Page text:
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Because the seizures suffered by the children of this family are similar to those that strike a significant number of children in the general population, there is reason to hope that the identification of this gene could be a key to understanding many more cases of childhood fever-related (or febrile) seizures.
"Febrile seizures are the most common form of childhood seizures. Since they may be associated with the development of seizures and epilepsy later in life, discovery of the responsible gene or genes has important implications for designing new drugs and therapies," said Margaret Jacobs, program director for epilepsy and seizure disorders at the National Institute of Neurological Disorders and Stroke (NINDS), which partially funded the study.
In the United States, about 3 to 4 infants or small children out of 100 will have one or more convulsive episodes during periods of fever. During febrile seizures, nerve cells in the brain fire electrical impulses much faster than usual, often leading to muscular convulsions and loss of consciousness.
For the vast majority of children, the febrile seizures do not cause permanent brain injury and occur only once or a few times. However, about 7% go on to develop other seizure disorders such as epilepsy later in life, a considerably higher risk than in the general population, about 1% of whom suffer from epilepsy.
In this Utah family, the researchers found that 21 of the 48 members participating in the study had experienced one or more febrile seizures during early childhood. Eight of the 21 went on to suffer other seizure disorders.
The University of Utah scientists used a technique called genetic linkage allowing them to determine which segments along chromosomes (the cellular structures that hold genetic information) were shared by all family members who had experienced febrile seizures. They discovered that all those affected shared a portion of chromosome 2. This chromosomal region has not previously been reported to be associated with any seizure disorder.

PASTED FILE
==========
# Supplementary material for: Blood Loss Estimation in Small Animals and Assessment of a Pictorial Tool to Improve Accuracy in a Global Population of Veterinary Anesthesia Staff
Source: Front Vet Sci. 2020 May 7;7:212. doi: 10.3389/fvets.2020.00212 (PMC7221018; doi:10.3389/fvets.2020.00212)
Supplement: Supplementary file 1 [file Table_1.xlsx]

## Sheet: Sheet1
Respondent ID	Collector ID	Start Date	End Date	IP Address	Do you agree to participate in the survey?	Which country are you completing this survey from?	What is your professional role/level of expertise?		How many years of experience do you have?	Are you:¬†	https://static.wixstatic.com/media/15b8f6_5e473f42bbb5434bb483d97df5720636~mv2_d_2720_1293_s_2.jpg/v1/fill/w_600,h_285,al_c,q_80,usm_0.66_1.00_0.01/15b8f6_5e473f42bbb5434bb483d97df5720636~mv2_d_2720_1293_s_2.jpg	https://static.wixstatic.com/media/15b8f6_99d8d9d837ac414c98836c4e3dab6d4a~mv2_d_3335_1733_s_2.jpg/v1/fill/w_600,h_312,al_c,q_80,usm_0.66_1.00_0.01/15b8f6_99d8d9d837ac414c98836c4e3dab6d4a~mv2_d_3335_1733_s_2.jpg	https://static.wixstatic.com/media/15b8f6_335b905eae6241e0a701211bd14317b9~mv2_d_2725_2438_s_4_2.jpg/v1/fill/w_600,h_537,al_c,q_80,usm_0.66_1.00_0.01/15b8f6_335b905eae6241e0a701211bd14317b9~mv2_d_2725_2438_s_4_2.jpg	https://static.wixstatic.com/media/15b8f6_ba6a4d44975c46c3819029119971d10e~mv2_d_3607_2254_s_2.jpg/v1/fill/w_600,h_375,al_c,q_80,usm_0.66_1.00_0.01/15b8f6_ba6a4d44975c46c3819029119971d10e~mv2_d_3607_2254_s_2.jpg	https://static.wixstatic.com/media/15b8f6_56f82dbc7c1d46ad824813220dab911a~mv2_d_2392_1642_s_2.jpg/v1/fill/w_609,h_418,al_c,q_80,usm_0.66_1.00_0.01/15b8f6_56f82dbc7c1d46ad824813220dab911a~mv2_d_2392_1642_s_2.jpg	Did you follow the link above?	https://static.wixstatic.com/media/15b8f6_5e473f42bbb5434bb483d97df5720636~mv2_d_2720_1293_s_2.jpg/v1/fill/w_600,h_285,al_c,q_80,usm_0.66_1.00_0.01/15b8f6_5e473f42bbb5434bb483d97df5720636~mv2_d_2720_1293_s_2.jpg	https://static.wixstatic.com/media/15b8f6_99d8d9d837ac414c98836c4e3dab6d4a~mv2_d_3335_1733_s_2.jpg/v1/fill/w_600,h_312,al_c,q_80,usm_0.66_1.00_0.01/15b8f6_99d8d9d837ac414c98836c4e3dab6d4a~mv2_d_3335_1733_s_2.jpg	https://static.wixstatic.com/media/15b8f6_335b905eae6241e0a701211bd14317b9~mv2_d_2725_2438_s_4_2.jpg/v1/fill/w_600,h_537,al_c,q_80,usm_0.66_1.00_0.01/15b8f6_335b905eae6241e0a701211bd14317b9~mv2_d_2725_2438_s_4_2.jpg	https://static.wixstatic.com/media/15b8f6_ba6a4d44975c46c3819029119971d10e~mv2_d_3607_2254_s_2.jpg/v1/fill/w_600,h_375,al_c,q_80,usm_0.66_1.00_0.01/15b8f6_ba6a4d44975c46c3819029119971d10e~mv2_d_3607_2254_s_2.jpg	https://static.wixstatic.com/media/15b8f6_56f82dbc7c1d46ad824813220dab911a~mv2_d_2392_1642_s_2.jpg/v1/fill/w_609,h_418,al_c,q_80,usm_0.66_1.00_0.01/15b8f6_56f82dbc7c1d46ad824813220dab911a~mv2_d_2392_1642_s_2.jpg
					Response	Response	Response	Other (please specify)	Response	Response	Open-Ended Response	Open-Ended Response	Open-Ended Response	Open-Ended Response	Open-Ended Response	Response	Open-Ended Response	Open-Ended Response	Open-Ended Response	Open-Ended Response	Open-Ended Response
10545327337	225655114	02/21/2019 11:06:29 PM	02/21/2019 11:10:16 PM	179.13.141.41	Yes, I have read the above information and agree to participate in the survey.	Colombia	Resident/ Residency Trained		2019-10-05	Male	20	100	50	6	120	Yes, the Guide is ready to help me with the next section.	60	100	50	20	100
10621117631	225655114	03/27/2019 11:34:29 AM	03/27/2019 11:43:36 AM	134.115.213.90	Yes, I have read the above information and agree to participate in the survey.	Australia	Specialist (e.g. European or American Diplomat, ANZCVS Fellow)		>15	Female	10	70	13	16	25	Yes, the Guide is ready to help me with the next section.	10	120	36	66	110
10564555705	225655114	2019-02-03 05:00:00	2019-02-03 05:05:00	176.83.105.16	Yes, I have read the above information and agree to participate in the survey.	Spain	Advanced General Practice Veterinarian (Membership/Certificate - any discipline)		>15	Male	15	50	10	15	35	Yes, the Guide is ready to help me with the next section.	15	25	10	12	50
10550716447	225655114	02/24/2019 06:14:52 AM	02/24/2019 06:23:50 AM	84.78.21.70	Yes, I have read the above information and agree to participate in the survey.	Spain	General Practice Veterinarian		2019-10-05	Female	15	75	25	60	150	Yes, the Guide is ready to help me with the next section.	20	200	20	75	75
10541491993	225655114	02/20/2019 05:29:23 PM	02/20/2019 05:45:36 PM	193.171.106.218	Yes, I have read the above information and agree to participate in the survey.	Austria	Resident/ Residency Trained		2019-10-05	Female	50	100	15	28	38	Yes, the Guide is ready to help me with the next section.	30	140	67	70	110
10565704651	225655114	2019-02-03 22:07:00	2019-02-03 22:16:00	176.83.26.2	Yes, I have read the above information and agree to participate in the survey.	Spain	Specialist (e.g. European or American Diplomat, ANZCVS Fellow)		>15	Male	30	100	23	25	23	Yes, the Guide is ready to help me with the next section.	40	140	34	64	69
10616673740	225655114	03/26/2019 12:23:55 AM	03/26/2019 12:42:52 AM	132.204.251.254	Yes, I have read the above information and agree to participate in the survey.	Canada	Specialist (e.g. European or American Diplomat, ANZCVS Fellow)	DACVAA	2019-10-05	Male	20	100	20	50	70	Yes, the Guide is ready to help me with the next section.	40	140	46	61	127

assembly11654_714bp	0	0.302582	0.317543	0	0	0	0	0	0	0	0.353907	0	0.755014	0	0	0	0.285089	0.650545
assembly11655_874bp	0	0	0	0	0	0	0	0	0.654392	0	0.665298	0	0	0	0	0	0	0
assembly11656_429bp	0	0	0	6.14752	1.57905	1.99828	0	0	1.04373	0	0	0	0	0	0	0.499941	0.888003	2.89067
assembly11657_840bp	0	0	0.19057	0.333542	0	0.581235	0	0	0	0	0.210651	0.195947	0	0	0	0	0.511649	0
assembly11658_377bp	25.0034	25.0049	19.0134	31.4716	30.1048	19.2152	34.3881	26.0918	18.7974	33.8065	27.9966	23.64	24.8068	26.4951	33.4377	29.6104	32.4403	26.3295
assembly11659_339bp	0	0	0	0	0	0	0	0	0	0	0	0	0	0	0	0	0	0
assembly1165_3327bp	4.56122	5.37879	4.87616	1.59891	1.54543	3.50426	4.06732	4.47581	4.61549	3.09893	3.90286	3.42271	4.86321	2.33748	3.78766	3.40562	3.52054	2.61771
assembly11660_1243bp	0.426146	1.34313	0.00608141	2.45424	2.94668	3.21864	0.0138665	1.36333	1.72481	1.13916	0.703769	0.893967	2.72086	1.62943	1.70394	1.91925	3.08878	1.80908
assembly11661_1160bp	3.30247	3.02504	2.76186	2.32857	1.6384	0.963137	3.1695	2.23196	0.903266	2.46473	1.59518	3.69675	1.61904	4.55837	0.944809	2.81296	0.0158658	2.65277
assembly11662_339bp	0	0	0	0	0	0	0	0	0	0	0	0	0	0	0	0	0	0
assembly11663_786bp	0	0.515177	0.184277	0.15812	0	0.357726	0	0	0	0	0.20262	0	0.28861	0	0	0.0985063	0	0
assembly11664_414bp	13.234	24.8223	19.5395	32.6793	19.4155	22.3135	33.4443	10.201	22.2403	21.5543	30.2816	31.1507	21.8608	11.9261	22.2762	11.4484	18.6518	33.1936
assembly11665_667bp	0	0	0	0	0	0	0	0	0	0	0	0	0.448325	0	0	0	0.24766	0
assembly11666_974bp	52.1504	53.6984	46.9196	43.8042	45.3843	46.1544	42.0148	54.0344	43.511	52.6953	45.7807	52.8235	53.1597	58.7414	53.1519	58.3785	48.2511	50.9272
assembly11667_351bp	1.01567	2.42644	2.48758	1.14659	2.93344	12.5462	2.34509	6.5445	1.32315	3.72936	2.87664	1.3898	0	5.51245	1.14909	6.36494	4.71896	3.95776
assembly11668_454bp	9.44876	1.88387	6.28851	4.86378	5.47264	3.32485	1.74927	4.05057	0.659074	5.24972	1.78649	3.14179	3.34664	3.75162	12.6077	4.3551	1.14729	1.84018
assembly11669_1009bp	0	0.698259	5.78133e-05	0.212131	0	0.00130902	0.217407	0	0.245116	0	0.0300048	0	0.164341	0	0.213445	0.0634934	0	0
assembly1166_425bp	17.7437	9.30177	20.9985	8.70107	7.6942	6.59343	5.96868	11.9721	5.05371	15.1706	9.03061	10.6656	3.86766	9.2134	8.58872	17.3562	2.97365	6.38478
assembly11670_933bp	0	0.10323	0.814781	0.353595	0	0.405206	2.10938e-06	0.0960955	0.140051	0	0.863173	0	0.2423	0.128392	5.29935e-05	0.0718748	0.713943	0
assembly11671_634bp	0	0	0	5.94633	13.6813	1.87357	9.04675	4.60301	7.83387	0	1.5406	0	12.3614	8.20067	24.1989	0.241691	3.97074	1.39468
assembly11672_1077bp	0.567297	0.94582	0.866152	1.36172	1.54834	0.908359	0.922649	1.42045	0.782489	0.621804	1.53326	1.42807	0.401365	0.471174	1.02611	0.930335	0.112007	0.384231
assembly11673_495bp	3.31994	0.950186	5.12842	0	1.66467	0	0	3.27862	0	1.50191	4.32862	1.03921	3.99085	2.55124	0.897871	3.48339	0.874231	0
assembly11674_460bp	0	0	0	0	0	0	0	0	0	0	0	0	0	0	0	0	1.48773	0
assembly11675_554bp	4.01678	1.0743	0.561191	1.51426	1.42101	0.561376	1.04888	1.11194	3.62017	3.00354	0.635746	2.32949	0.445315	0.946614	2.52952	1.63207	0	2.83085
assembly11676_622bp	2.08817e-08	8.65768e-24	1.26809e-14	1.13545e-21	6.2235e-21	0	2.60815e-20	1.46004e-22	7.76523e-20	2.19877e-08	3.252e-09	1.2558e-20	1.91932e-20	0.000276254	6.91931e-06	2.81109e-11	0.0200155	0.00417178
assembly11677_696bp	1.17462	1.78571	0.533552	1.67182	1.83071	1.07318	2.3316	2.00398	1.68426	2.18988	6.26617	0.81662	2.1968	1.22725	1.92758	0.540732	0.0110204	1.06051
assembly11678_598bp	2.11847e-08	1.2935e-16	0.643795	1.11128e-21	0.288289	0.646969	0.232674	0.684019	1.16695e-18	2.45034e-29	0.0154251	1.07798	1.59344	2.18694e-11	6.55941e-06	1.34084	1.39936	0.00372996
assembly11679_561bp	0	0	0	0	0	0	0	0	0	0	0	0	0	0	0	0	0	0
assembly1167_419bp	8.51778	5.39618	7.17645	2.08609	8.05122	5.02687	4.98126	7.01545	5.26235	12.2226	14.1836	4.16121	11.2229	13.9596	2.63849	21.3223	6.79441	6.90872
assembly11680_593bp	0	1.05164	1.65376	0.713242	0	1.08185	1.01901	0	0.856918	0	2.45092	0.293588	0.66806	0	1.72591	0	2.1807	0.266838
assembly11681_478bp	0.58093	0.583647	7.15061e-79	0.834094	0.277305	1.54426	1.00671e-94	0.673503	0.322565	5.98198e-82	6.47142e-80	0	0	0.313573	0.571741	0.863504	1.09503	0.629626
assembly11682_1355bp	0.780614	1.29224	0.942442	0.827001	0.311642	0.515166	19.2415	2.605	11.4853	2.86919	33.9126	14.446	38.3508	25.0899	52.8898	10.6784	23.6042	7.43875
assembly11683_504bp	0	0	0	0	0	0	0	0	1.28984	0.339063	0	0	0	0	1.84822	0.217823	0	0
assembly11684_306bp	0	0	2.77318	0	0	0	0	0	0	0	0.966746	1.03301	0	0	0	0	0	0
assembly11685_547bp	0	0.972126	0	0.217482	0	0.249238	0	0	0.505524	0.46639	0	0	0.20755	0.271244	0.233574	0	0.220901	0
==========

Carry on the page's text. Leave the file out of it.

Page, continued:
Techniques other than genetic linkage must now be used to determine what gene in this area underlies the seizures.
"The most obvious task is to identify the gene," said Andy Peiffer, M.D., Ph.D., a researcher at the Eccles Institute of Human Genetics at the University of Utah in Salt Lake City, and one of the authors of the report. "Subsequent studies will focus on determining what percentage of febrile seizures outside this family are caused by mutations in the gene we identify."
For this particular family, the hope is that knowing the location of the gene will lead to identifying the gene and ultimately the protein it produces. Armed with that information, scientists can investigate what role mutations in the gene play in seizures and may even be able to design drugs to compensate for the effects of the mutation in individuals who go on to develop epilepsy disorders.
Thanks to previous research, which has identified some of the genes found along this stretch of chromosome 2, Peiffer and his colleagues already have targeted genes that they suspect might cause the febrile seizures in this family. Some of these genes are ion channel genes, similar to those that the Utah research team has previously found to cause a different, and rarer, seizure disorder. Ion channel genes produce proteins that regulate the electrical activity of brain cells.
But, says Peiffer, "Febrile seizures are very common and are probably caused by mutations in many different, but likely related, genes. The fact that the clinical features of febrile seizures vary somewhat from patient to patient and family to family may be due to the fact that mutations are occurring in different genes or different parts of the same gene."
Other authors of the report were Joel Thompson, M.D., Brith Otterud, Tena Varvil, Chris Pappas, Craig Barnitz, Kristen Gruenthal, Renee Kuhn, and Mark Leppert, all of the University of Utah; and Carole Charlier, who recently accepted a research position in Belgium.
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